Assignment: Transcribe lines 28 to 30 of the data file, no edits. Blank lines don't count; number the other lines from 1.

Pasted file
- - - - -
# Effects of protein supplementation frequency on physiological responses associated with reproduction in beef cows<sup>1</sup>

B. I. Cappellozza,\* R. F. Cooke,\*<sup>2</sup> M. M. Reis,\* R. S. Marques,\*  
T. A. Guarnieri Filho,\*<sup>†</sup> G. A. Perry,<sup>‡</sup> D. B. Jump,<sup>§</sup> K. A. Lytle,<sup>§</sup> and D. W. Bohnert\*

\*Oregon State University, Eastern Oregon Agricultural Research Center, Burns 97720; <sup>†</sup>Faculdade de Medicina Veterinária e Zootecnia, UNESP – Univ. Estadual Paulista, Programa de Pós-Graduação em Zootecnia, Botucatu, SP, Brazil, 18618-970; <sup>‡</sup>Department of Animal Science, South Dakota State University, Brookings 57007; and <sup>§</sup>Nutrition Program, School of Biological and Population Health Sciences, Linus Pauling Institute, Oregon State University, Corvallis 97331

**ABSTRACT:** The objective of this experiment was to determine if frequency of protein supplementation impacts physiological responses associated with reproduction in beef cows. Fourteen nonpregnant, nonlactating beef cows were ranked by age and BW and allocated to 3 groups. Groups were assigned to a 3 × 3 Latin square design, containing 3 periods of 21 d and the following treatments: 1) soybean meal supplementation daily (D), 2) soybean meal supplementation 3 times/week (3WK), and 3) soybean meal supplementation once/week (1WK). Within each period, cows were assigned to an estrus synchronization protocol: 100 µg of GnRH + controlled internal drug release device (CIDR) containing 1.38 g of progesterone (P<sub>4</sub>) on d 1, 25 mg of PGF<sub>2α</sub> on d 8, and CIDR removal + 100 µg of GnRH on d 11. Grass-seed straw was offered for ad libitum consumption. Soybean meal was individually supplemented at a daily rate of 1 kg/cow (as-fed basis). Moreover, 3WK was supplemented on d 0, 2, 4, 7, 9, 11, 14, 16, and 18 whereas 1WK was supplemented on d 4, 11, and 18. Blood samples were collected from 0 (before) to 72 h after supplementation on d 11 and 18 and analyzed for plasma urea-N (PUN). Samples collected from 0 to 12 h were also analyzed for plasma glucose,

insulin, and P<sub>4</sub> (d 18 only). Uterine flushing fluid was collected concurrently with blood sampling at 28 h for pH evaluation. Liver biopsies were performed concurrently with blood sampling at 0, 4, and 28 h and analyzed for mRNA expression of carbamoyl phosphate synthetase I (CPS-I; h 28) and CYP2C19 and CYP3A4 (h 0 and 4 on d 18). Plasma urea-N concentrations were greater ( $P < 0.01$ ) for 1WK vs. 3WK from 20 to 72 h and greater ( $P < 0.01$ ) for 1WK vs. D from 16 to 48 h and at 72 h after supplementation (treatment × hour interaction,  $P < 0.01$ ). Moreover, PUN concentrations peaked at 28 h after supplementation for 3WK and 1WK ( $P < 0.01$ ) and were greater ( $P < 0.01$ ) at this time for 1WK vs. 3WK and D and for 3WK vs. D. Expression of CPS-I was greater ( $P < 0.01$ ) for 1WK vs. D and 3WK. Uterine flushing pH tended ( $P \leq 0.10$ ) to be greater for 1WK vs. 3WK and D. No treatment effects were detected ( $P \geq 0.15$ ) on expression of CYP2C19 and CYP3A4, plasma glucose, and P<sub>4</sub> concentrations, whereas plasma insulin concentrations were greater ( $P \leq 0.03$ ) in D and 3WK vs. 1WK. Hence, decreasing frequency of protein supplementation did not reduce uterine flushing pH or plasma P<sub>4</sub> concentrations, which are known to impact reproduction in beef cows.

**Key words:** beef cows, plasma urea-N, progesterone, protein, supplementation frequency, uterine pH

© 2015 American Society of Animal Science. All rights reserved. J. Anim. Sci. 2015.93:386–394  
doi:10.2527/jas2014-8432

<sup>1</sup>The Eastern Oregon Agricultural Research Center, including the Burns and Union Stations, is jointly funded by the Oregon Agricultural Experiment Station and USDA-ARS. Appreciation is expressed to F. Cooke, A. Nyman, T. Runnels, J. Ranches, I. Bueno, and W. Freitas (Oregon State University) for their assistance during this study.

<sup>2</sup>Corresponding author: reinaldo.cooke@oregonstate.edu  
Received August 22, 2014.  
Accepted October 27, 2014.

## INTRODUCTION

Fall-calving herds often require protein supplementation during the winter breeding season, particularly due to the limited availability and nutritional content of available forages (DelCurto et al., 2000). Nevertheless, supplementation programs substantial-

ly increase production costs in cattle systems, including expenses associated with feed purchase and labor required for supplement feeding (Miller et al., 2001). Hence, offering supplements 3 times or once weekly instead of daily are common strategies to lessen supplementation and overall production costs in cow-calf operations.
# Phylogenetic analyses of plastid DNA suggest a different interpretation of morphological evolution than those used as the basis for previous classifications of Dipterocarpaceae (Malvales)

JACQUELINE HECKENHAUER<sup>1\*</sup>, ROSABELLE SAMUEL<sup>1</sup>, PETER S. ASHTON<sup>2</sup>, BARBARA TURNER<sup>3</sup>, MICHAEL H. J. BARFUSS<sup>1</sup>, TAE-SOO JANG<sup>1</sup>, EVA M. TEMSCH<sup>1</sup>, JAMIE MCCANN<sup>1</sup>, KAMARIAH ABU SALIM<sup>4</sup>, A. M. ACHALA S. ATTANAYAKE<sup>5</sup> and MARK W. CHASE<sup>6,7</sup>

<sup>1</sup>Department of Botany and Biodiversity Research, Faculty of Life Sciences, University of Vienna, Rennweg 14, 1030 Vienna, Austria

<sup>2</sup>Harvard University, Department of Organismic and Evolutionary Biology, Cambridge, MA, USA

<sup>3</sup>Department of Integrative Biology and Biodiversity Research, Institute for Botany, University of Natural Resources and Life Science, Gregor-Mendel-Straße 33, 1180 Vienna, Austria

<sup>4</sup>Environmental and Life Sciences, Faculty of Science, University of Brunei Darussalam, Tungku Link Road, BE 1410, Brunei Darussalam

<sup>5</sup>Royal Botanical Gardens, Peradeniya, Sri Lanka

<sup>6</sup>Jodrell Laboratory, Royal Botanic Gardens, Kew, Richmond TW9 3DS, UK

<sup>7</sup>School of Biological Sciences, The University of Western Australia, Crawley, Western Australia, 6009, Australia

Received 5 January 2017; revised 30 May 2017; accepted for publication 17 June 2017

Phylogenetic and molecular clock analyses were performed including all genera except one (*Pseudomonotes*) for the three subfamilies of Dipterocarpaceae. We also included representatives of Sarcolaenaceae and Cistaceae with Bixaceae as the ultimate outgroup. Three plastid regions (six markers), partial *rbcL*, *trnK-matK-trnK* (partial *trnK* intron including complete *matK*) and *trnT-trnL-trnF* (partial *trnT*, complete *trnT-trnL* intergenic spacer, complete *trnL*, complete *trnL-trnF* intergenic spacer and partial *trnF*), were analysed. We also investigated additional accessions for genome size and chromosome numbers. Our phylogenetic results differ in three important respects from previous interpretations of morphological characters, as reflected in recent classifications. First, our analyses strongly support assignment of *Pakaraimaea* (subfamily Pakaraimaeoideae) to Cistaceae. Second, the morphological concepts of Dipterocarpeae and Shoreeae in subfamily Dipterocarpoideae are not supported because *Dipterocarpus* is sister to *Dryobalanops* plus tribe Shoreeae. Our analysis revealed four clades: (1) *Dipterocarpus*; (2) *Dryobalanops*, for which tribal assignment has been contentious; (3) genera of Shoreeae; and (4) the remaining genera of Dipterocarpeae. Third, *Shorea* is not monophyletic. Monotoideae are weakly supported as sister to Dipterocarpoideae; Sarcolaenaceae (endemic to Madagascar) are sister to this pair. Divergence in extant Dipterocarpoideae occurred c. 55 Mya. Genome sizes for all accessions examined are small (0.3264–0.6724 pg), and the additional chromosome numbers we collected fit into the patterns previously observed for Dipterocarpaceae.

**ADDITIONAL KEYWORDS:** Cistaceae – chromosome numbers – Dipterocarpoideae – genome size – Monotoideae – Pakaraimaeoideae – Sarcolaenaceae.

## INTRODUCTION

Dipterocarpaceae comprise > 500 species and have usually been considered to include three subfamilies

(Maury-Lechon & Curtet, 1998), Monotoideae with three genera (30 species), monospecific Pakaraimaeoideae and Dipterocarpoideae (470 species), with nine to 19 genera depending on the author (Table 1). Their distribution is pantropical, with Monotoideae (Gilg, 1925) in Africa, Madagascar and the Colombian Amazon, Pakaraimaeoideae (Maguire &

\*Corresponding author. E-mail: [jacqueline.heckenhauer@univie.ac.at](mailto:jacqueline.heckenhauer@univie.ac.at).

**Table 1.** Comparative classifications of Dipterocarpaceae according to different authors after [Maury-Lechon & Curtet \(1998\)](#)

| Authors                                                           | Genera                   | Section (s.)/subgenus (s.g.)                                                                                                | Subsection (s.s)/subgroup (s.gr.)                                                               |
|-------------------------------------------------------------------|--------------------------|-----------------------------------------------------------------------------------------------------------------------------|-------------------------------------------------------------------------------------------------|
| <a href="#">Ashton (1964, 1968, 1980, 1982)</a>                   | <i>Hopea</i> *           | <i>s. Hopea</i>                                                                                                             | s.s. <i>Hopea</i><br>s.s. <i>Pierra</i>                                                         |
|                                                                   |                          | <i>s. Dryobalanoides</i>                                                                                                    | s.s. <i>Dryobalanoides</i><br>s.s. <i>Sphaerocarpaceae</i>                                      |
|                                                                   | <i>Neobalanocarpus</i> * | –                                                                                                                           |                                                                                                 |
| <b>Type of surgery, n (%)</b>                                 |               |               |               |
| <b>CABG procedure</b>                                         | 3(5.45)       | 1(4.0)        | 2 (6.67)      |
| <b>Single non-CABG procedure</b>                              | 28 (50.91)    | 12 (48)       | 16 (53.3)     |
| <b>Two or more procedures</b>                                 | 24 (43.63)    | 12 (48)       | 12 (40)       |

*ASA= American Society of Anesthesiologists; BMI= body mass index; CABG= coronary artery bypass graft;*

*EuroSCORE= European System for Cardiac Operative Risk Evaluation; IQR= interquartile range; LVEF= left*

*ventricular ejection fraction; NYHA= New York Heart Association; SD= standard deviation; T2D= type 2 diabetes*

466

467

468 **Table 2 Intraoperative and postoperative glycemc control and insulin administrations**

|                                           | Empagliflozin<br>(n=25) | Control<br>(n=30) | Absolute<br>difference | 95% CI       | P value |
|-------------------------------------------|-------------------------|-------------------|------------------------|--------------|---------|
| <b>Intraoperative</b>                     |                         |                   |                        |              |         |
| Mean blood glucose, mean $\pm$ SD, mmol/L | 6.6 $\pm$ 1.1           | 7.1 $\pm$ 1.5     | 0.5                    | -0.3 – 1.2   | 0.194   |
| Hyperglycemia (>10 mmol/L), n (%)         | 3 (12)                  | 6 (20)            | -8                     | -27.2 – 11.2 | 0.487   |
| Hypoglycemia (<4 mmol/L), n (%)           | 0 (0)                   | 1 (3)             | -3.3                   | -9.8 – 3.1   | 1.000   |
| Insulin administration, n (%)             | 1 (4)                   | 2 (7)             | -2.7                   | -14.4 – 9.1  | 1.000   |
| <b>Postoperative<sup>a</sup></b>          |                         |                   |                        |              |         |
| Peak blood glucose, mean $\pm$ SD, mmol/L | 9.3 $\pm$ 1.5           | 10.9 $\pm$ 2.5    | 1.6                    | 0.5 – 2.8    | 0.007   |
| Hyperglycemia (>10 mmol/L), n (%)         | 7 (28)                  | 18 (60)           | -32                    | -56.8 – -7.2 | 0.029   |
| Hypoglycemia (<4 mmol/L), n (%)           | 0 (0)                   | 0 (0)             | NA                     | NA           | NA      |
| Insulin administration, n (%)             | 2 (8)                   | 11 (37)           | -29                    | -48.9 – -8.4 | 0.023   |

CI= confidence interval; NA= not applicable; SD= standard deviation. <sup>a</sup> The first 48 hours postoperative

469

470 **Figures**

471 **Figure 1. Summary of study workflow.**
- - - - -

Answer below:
**ADDITIONAL KEYWORDS:** Cistaceae – chromosome numbers – Dipterocarpoideae – genome size – Monotoideae – Pakaraimaeoideae – Sarcolaenaceae.

## INTRODUCTION

Dipterocarpaceae comprise > 500 species and have usually been considered to include three subfamilies